While there is no paid staff at this level of support, there is often an overseeing operator who facilitates admissions and discharges to the home and is available if there are house issues that cannot be resolved internally. There are no in-house services offered at this level, except for the benefit of living in a supportive community.
These peer-run facilities are best utilized by the individual who has physically and psychologically stabilized for a period of time from substance use and would benefit from a sober living environment that enables them to implement personal recovery in a safe community. They are appropriate for a more mature individual who has established adult living skills, is able to self-regulate, and is committed to recovery.
This level of support is desirable in that it tends to be cost contained. Length of stay varies and is open-ended – generally from 90 days to several years. Although technically they’re called halfway houses in some states, they’re sober living houses in California.
Level 2: Shared Sober Living Houses
Level 2: These types of homes are still largely classified as sober living homes. These types of residences generally utilize a community-based environment supervised by a senior resident, house manager, or staff member. This staff member monitors operations and residents and enforces structure that is implemented in the form of house rules or standards. There is an emphasis on community and accountability that manifests in a culture of peer support.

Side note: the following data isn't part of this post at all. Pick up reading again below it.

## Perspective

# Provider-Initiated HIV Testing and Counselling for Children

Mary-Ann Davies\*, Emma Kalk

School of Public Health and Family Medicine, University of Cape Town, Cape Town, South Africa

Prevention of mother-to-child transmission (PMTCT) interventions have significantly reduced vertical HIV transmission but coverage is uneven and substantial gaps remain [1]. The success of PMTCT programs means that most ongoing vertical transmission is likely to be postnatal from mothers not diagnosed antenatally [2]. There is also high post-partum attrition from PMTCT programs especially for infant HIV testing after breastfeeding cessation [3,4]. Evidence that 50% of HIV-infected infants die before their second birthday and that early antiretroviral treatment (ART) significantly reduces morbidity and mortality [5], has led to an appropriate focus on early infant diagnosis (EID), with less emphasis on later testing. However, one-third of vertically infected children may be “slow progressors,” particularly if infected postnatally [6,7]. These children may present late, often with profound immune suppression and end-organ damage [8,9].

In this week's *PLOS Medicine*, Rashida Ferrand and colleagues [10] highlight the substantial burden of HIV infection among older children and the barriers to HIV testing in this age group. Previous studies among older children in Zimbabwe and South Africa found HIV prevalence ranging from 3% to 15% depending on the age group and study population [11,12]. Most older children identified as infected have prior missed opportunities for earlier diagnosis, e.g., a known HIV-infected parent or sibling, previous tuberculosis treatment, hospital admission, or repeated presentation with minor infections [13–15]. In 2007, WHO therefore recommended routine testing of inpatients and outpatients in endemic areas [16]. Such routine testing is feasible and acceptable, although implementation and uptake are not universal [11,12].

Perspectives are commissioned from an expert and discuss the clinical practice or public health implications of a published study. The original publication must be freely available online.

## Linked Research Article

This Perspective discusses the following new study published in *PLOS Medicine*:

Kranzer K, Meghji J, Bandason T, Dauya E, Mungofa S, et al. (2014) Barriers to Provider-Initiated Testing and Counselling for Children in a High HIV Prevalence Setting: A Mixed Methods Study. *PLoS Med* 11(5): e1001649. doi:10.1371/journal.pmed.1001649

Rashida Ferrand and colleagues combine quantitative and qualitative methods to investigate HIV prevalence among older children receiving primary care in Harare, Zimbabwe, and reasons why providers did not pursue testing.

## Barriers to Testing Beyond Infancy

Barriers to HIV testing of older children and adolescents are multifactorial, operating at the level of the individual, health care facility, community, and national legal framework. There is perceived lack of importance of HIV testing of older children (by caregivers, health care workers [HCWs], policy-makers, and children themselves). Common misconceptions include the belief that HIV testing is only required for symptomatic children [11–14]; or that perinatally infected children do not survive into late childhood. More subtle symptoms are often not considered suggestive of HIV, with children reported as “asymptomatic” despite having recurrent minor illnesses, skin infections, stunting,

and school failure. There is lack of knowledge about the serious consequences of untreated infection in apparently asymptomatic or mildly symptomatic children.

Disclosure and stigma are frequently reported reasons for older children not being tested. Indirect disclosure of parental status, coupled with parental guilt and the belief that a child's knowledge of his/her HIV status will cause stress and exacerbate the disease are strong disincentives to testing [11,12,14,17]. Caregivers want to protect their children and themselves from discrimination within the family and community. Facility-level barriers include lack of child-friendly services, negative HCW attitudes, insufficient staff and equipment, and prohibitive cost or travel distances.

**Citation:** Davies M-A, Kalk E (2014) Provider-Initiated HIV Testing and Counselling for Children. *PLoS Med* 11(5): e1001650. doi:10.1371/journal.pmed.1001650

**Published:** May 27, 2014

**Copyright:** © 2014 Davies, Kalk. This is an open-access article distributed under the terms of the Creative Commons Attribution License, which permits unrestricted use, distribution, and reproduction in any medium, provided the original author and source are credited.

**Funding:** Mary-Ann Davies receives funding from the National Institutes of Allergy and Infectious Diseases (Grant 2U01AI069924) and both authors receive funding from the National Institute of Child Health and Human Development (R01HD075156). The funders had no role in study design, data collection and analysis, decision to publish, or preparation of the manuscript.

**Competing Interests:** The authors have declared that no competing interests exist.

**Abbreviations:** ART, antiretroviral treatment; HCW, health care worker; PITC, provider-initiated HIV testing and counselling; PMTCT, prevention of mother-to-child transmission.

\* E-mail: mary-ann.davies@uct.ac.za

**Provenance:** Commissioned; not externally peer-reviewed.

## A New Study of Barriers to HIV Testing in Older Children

The living environment can be any type of dwelling, but most commonly is a single-family residence with shared bedrooms. Like level 1, this setting often proves to be quite cost-effective; length of stay varies and is open-ended. At level 2 some degree of ‘programming’ is offered in-house and often in collaboration with outside service providers such as outpatient programs. Support groups may be offered in-house.
The approach for the level 2 residence can best be summarized as a community-based model. This level is appropriate for the individual with some intrinsic motivation who would benefit from a nominal level of structure and support. The model is desirable in that it allows for an increased ability to access services over a longer period of time due to the affordability of the service models.
Some sober living programs go a step further and while working to build a sense of community among its residents, they apply other forms of behavioral stimulation including adventure therapy.
Continuing Care at Renaissance Recovery
There is always the possibility of relapse after addiction treatment. However, continuing care and involvement in outpatient programs can reduce the risk of relapse. Renaissance Recovery provides the following programs to continue your journey of recovery:
- Outpatient treatment programs
- Alumni and community program
- Sober living program at The District
- Experiential and adventure-based programs